“In today’s financial world, you’ve got to be very picky, to make sure you don’t pay any money upfront before a film goes into production,” says Nordisk buyer Peter Philipsen. “But we’ve been in situations where we felt certain from the contracts we had seen that the film would happen, and we made our down payments really late, yet the film still didn’t get made, and then we had to fight to secure our money back, though we did get most of it.”

Often, films don’t start shooting as quickly as promised. But when projects are delayed, and sales agents are making reassuring noises, it can hard for buyers to tell whether the pic is really still alive or actually dead.

“Sometimes it takes a long time for them to get made,” says Mirjam Wertheim, who reps multiple distribs. “So we keep asking, when is it going to happen? The sellers give promises, adjust the budget, but sometimes the buyers start asking, can we get out of this? Often the sales companies will offer something else instead of just cancelling, and if the new project is interesting, maybe the buyer will do it.”

Wertheim’s client Falcon, based in Lebanon, is currently considering legal action against New York-based sales agent Elephant Eye to get its deposit back from three unmade films — “Turkey in the Straw” from 2007, and “The Frat Girl” and “The Harvest” from 2009. “The projects just disappeared, the seller wants to give something else, but we don’t want it. But we still see them at markets, staying in nice hotels, so they’ve got money from somewhere,” Wertheim says.

Elephant Eye co-topper David Robinson says he’s still putting together “The Harvest,” but the other two projects have been cancelled. “We have agreed to return the deposits; however, we are a small company and the last two years have been quite challenging, and we haven’t had the cashflow to refund them yet. We value our relationship with Falcon and are doing everything we can to resolve this situation as quickly as possible.”Robert Enmark of Svensk is sanguine. “I don’t get especially upset if things get delayed from one year to another. We waited for ‘The Tree of Life’ for a long time, but it came out well.”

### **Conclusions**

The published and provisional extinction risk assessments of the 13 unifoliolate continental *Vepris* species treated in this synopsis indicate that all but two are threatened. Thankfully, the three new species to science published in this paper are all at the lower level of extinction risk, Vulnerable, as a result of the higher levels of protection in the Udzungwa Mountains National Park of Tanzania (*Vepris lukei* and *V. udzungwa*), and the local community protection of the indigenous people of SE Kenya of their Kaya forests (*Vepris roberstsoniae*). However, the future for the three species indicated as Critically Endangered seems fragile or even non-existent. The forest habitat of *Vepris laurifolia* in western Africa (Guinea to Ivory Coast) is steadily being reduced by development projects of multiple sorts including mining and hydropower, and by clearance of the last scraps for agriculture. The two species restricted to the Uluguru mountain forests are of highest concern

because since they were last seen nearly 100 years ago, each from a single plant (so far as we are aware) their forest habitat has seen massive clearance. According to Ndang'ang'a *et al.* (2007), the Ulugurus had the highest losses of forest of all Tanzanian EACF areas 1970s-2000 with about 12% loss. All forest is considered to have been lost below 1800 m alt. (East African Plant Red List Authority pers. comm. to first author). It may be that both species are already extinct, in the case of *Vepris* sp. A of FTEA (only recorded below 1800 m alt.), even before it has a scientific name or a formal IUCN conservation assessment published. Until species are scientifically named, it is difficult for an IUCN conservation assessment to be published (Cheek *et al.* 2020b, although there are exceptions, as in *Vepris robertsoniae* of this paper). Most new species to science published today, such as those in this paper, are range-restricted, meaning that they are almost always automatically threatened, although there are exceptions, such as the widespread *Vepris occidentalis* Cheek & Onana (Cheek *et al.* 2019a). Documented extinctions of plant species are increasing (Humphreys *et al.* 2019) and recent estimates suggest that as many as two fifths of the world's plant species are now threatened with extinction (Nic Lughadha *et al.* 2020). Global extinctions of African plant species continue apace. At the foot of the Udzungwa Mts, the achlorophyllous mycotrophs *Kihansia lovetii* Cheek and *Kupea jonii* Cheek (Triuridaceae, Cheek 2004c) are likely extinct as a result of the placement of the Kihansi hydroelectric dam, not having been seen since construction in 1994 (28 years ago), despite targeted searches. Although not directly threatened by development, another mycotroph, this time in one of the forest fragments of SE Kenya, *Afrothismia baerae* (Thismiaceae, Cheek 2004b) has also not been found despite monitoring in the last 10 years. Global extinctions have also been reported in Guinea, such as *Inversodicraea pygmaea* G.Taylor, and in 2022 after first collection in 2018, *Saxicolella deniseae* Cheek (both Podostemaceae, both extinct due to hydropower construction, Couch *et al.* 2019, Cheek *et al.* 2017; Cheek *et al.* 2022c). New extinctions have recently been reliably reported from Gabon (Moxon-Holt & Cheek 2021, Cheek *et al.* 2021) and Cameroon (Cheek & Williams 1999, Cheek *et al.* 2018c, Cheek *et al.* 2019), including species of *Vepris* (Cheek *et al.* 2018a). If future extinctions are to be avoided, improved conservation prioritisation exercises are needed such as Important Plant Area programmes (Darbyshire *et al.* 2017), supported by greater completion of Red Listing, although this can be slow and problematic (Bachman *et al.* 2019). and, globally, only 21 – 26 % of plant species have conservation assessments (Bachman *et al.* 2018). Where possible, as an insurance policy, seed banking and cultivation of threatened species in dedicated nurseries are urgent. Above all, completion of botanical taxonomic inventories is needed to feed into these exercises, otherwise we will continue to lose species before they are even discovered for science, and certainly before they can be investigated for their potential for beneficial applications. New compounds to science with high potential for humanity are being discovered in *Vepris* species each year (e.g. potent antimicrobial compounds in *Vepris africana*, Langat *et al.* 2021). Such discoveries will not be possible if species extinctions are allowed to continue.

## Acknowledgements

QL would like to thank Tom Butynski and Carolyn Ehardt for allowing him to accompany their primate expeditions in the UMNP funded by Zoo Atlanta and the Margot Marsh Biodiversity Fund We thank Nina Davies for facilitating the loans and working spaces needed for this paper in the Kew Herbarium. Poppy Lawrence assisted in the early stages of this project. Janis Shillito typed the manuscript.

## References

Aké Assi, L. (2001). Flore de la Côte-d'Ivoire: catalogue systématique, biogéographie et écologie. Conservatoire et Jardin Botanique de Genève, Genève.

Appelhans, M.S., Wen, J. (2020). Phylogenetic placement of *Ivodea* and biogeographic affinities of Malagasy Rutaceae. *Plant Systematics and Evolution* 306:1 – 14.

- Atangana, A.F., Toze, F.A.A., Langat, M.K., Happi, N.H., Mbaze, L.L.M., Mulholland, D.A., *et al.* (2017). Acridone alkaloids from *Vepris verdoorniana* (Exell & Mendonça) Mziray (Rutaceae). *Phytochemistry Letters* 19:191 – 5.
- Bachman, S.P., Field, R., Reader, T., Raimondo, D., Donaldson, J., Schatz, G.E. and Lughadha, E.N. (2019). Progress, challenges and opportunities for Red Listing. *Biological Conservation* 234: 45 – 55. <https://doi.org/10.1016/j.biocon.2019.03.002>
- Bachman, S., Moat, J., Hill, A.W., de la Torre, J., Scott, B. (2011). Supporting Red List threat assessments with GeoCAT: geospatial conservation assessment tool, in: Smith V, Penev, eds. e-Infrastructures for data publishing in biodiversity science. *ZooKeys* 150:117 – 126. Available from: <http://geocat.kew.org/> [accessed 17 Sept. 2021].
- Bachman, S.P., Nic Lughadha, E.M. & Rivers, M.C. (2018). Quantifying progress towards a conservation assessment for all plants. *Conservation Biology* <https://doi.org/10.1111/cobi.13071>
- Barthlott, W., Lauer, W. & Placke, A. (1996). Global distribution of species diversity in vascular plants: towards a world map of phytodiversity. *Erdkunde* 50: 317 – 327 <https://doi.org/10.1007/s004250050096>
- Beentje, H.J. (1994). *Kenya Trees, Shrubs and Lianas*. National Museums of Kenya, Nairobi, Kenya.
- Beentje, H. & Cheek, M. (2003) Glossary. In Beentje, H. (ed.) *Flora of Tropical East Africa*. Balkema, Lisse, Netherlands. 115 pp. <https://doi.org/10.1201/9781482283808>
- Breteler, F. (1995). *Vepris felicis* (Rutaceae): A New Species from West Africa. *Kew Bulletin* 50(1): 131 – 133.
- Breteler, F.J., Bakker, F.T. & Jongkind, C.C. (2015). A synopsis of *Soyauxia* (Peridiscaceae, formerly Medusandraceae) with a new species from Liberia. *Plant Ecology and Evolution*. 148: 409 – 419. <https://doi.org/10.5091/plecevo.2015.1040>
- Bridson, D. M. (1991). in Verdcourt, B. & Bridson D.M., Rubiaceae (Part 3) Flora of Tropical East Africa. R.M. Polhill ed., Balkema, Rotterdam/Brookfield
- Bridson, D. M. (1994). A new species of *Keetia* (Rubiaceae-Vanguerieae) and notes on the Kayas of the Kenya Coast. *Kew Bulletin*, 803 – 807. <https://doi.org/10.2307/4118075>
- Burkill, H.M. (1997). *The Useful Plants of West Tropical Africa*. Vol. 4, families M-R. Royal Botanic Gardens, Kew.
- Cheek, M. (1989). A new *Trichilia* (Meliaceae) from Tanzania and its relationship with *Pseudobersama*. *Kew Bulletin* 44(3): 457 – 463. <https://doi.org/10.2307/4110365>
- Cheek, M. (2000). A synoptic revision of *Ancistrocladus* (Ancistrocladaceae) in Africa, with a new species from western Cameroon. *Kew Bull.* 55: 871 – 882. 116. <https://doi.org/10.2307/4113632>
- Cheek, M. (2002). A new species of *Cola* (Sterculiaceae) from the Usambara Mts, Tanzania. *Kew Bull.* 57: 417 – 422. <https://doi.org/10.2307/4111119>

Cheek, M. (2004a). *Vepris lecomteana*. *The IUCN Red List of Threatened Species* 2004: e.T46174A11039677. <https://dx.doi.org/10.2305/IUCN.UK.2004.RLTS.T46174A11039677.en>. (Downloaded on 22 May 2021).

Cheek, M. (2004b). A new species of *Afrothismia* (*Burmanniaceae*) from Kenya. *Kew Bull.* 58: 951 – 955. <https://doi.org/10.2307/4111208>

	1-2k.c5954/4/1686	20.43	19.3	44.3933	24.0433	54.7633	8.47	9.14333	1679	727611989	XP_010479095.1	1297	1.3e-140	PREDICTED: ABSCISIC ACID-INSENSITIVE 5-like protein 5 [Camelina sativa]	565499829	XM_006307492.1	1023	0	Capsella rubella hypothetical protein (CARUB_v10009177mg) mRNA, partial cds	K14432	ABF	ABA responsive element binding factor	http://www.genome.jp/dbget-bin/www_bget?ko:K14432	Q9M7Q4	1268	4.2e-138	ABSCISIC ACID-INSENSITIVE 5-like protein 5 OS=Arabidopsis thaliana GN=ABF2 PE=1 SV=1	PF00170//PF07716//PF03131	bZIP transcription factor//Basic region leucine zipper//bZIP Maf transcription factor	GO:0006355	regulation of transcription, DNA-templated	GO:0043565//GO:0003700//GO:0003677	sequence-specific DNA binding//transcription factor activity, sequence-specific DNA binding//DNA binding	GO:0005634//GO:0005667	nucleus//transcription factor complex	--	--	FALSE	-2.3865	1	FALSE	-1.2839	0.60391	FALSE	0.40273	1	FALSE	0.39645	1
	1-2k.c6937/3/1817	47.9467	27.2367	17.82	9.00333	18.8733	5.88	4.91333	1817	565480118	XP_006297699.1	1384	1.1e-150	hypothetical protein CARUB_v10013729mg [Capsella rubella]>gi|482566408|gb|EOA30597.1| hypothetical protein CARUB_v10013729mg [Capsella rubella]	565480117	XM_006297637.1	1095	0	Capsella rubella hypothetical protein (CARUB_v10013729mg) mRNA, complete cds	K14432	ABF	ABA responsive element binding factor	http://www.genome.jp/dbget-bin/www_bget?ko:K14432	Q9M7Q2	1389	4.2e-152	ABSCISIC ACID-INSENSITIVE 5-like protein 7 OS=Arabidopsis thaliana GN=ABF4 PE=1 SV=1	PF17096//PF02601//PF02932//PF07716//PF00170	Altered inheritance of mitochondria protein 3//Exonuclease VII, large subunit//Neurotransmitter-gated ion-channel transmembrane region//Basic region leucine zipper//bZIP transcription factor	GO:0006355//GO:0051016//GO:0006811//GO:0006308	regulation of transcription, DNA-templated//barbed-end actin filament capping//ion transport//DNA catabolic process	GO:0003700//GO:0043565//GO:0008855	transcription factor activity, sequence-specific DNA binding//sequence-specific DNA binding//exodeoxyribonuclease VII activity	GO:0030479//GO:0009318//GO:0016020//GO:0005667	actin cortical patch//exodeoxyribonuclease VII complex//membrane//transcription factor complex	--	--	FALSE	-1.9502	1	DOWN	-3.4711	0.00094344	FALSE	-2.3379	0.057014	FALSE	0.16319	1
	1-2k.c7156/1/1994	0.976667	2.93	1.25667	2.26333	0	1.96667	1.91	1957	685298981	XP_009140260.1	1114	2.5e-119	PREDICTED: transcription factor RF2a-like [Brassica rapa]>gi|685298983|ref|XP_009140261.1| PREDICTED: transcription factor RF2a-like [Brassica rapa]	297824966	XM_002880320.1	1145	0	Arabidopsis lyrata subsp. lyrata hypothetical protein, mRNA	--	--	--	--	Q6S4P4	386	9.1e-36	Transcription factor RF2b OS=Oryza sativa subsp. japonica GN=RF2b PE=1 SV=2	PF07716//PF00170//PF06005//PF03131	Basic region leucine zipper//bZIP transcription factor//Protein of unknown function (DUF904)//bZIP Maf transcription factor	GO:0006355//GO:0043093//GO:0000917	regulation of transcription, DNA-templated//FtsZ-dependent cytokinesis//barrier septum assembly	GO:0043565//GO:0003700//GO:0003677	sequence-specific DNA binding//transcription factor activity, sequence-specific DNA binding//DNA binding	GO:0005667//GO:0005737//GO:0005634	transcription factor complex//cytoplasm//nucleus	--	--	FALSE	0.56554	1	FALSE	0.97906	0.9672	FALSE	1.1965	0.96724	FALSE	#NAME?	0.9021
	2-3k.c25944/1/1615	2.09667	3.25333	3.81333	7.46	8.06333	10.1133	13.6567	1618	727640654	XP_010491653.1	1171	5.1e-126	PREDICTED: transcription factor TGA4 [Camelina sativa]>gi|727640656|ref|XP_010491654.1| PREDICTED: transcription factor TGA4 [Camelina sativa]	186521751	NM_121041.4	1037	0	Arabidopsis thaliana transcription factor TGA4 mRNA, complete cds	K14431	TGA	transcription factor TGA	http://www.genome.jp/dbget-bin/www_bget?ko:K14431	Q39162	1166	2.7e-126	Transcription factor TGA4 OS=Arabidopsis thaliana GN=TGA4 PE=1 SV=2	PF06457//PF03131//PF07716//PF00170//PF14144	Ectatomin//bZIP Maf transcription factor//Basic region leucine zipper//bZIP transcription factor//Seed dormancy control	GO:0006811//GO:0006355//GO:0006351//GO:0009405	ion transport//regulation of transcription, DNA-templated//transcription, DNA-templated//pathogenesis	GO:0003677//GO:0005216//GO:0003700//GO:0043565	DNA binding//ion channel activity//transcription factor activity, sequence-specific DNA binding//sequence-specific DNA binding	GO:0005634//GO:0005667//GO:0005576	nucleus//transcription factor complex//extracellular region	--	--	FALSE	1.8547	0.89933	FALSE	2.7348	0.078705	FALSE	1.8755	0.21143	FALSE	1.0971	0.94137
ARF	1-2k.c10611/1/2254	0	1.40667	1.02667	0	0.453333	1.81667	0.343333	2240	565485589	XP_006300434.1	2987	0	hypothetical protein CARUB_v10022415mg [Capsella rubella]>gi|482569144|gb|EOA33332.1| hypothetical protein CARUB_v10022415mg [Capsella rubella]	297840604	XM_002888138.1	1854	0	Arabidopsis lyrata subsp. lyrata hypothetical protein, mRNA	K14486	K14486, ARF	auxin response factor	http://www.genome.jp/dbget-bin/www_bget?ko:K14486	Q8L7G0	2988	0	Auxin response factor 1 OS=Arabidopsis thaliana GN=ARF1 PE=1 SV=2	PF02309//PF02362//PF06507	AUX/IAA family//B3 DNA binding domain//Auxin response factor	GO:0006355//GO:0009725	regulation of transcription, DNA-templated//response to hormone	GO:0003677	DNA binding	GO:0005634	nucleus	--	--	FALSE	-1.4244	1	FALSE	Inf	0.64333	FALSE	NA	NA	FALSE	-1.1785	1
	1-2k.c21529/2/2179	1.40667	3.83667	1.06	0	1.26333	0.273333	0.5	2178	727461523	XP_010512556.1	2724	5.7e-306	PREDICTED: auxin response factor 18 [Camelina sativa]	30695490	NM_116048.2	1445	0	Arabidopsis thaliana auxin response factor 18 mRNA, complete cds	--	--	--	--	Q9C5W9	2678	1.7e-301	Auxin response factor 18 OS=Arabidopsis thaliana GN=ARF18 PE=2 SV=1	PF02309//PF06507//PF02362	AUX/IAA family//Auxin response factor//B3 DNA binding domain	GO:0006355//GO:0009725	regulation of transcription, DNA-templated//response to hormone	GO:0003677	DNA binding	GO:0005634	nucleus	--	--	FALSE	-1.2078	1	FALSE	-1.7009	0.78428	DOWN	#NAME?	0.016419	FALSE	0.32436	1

On the other hand, Enmark says Svensk is currently fighting to reclaim its deposit from Handmade for two films that didn’t happen, although the company is telling Svensk that one of these, a remake of “Mona Lisa,” is still on course to get made.

It’s a bigger problem if a film is delayed once it has started shooting, when the buyers have made their first payment. “You often end up having to buy another film to cover your release date, so I go over my budget,” Frazee says. Even when a film does actually proceed as planned, foreign distribs can find themselves having to wait for the U.S. release, which can be a moveable feast.

Many pics are sold with a contractual hold-back forbidding any foreign territory from going ahead of the domestic date. But the U.S. distribution scene is so volatile that international distribs can be in limbo for months or even years while the domestic release gets shuffled about.

” ‘Red Dawn’ is finally coming out this year, and it’s been delayed for three years,” says Frazee. “We bought it from FilmNation at AFM in 2009, but it’s not FilmNation’s fault, the film just got caught up in the MGM bankruptcy.” He notes that Scanbox bought “The Road” three years before it came out in America. “I admire the Weinstein Co. for trying to jockey the film for its best date, but we bought ‘The Road’ for a particular slot, and when you have to wait that long, it gets ridiculous.”